The Land Portal Foundation and the Open Data Charter have released the report State of Land Information in Madagascar: An Open Data Action Framework for Madagascar, shedding light on the state of the land data ecosystem in Madagascar. The report serves as a comprehensive diagnostic tool and guide, aiming to catalyze change and foster conversations about data transparency and land governance in Madagascar.
Under the umbrella of the Land Dialogues series, the third webinar of this year’s series “Carbon markets and Indigenous lands : The importance of free, prior and informed consent” took place on September 14th, 2023. The webinar drew in a little under 500 participants and featured panelists from Indigenous leaders to academics. The series is organized by a consortium of organizations, including the Land Portal Foundation, the Thomson Reuters Foundation, the Ford Foundation and the Tenure Facility.
This data story reflects on the complexities of measuring the impact of land governance projects and summarize some of the best practices on impact evaluation from the well-known guidelines on the topic.
Located in Central Africa, Gabon has some rather unique characteristics in terms of land tenure. It is indeed one of the most sparsely populated countries in the world, one of the most urbanized and one of the richest in forests. Gabon's economy is mainly based on the exploitation of natural resources, notably oil, mining and timber. These activities occupy the vast majority of the territory. In 2022, Gabon was the most prosperous country in Africa with a high human development index.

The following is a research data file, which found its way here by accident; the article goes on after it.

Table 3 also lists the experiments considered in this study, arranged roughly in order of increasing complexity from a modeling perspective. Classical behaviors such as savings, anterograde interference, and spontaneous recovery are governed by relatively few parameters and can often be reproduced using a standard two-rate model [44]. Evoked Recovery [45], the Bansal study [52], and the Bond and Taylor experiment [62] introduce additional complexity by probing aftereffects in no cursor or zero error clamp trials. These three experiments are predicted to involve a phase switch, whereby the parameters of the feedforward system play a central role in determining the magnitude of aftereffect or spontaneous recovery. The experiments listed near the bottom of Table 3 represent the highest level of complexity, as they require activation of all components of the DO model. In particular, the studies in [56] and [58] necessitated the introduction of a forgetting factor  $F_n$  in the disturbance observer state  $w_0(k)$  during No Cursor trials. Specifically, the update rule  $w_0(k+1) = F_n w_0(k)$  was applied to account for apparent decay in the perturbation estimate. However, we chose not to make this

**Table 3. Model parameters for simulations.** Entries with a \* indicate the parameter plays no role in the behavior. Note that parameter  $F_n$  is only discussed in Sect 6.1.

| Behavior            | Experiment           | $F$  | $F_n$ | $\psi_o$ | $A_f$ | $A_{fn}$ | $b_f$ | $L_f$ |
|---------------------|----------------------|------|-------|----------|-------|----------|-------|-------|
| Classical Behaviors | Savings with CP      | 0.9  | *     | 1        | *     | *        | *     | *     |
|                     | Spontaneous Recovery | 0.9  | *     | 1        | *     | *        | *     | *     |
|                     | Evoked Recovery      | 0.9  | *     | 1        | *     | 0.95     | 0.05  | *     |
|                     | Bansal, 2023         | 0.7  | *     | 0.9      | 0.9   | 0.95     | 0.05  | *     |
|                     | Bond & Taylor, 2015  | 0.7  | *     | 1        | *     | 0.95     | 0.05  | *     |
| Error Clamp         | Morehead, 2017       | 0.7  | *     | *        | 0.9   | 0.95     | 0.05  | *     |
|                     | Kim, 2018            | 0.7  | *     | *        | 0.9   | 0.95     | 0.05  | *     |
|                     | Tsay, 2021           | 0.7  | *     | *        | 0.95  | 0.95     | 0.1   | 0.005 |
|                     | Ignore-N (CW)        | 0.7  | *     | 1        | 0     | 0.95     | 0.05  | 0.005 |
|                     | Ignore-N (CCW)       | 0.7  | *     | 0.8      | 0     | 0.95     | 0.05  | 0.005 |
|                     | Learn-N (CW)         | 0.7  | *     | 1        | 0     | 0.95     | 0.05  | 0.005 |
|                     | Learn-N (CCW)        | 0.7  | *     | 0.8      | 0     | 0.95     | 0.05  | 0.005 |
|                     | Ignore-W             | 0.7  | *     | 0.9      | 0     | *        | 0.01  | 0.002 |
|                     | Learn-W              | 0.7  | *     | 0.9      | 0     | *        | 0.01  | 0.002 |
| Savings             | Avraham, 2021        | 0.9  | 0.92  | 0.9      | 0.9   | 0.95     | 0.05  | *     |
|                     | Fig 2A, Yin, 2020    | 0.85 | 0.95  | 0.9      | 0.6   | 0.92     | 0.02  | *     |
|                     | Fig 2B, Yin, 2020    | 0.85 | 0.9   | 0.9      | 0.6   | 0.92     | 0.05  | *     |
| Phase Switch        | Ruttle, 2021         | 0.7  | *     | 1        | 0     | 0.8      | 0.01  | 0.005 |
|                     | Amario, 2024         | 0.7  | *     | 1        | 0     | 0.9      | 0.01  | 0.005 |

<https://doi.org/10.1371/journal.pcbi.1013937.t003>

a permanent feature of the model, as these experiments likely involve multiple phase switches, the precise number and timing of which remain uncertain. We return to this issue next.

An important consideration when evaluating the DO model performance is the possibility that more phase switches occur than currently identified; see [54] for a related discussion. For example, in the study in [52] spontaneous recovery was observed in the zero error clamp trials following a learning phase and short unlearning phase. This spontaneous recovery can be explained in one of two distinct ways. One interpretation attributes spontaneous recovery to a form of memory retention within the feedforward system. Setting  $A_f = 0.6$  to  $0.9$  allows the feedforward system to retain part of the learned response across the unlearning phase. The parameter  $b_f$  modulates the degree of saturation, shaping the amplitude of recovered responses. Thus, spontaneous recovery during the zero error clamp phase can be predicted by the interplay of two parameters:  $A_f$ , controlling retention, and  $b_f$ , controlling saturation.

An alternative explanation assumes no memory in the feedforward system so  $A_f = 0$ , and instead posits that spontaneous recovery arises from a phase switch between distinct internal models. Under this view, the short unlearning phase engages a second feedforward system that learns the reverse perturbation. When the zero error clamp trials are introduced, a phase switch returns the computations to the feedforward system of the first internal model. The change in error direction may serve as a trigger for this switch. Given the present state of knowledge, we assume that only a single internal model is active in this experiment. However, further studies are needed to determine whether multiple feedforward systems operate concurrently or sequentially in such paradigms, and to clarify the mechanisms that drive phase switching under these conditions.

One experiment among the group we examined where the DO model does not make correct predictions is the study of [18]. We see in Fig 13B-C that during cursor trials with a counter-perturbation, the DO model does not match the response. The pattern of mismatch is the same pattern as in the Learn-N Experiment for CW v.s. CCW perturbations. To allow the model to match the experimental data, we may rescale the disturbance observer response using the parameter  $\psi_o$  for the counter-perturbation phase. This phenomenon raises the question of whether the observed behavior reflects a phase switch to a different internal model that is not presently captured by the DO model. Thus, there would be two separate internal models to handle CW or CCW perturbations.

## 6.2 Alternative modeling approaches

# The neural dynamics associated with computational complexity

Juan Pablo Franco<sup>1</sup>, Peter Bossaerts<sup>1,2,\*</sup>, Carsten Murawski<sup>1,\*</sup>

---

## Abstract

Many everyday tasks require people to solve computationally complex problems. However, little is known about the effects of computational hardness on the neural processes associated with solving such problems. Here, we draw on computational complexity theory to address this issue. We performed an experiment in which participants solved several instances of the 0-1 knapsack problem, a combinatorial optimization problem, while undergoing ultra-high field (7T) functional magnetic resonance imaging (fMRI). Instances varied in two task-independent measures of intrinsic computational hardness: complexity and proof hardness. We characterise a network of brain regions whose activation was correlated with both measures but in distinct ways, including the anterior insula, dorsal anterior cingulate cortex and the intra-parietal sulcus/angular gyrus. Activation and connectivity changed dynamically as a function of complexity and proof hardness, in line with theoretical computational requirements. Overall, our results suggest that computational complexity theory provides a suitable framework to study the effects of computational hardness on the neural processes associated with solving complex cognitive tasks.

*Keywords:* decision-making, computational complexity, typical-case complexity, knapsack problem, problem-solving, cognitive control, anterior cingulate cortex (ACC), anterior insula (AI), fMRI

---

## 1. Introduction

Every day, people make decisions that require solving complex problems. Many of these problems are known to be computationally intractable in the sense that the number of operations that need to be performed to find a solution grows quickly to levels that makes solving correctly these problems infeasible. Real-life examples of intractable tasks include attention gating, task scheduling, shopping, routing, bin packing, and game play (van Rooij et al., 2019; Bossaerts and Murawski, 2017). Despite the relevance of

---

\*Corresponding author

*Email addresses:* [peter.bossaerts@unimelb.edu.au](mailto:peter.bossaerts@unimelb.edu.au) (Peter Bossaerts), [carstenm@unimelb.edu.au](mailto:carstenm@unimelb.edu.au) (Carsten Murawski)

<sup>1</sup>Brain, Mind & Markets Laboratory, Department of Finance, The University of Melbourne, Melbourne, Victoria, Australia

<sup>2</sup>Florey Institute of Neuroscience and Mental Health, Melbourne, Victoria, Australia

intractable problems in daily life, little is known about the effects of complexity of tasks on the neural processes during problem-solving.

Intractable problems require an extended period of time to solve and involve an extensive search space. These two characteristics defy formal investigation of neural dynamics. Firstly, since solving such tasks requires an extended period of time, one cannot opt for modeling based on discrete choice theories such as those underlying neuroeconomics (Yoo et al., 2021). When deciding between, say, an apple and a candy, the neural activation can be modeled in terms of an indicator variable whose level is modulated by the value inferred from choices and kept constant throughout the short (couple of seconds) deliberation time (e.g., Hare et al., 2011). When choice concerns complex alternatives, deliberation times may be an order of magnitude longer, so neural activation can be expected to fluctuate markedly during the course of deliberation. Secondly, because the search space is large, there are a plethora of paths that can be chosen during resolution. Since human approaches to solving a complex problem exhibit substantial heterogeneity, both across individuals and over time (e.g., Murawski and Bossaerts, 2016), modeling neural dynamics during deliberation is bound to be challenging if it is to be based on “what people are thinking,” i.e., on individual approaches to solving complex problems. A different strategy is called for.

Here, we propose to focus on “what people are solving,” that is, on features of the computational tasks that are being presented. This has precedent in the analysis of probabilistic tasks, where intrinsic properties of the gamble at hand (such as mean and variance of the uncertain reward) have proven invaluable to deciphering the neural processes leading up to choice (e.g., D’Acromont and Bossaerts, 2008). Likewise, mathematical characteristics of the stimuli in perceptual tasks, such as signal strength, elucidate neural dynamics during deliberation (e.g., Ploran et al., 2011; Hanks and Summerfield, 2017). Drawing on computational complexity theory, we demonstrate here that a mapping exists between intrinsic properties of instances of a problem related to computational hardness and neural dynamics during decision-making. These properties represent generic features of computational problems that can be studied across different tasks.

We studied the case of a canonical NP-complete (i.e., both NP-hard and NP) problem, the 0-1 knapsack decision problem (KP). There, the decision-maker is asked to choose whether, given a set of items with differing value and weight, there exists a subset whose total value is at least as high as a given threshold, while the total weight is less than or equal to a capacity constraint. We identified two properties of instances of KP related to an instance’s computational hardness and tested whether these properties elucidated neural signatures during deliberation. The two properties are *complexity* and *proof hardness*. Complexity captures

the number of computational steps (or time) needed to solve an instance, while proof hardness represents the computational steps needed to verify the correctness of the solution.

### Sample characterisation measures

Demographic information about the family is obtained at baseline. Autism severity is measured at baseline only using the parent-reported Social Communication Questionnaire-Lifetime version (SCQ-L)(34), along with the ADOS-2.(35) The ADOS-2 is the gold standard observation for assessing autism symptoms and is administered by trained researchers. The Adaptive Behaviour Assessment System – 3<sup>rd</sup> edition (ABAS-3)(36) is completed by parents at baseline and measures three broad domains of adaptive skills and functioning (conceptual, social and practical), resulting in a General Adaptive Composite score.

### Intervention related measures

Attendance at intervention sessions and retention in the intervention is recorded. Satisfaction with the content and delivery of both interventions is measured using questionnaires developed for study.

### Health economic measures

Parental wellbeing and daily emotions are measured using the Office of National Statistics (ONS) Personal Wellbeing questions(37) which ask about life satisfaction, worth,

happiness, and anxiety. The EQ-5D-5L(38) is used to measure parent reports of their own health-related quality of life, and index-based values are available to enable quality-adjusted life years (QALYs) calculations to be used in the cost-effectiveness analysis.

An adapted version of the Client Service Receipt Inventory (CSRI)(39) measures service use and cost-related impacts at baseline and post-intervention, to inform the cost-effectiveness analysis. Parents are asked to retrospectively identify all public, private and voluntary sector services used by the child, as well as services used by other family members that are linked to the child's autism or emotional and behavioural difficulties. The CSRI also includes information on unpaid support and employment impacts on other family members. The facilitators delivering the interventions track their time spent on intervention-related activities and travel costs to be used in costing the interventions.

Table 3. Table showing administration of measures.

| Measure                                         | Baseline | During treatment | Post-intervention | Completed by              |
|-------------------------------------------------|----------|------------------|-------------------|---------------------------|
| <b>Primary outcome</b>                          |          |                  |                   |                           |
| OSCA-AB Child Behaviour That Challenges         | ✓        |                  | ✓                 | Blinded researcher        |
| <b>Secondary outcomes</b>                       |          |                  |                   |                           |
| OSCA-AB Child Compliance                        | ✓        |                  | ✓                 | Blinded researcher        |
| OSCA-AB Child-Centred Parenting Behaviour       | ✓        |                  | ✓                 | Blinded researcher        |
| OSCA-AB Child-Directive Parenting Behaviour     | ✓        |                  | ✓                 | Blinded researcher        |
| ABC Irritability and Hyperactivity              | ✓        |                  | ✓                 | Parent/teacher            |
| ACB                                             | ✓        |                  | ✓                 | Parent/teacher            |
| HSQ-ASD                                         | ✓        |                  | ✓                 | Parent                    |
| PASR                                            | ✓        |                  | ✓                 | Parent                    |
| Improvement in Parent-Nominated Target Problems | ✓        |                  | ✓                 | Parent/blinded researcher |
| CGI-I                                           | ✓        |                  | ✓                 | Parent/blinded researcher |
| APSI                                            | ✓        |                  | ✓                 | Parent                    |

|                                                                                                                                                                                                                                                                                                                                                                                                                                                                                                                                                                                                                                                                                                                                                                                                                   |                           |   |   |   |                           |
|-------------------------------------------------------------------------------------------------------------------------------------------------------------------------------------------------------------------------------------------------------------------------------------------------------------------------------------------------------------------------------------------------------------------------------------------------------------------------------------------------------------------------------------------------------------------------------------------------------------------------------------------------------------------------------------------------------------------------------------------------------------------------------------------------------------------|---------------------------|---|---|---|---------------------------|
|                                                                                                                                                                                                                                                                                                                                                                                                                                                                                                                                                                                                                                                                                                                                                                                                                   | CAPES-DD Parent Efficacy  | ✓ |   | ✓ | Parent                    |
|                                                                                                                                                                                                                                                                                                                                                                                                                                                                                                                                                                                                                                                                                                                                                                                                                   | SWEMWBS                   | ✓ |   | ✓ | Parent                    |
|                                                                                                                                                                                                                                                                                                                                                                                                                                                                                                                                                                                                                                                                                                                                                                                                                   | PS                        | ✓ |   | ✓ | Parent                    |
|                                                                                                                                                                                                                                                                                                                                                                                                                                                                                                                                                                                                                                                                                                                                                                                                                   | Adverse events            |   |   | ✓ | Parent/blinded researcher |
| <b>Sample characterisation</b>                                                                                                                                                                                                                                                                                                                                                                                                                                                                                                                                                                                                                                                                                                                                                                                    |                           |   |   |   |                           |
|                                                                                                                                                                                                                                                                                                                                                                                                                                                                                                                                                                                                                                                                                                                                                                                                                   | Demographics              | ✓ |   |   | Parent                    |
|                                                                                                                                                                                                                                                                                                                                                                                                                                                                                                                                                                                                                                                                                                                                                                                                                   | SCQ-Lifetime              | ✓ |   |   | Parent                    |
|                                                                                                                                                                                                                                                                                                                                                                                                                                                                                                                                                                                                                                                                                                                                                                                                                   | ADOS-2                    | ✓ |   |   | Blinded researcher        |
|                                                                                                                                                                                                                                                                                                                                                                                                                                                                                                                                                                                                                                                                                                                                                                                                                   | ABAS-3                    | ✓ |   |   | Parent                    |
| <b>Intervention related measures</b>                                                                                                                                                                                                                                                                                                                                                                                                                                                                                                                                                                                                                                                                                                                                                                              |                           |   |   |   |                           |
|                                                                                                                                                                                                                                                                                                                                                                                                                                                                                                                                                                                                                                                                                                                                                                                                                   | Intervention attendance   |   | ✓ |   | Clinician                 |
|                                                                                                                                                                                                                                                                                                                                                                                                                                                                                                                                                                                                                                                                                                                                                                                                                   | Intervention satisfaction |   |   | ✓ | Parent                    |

Mexico is characterized by decentralized land governance. Most of the population lives in urban areas, although highly concentrated in a few cities, and about 21% live in rural areas. The ejidos and agrarian communities-both forms of communal land ownership-that emerged from the Mexican Revolution continue to significantly shape land governance in Mexico today.
One third of the world’s soils - including farmland, forests, rangelands, and urban land - are already degraded and it is estimated that this number could rise to almost 90% by 2050. Land Degradation occurs naturally, but research shows that land degradation is increasingly caused directly or indirectly by unsustainable human activities, notably deforestation, overgrazing, mining or intensive agriculture. This has driven biodiversity loss, desertification, and led to a significant increase in greenhouse gas emissions.
The SDG Land Tracker provides easy access to official data and information on all land-specific SDG indicators. It concisely explains the indicators, why they are important, and tracks progress.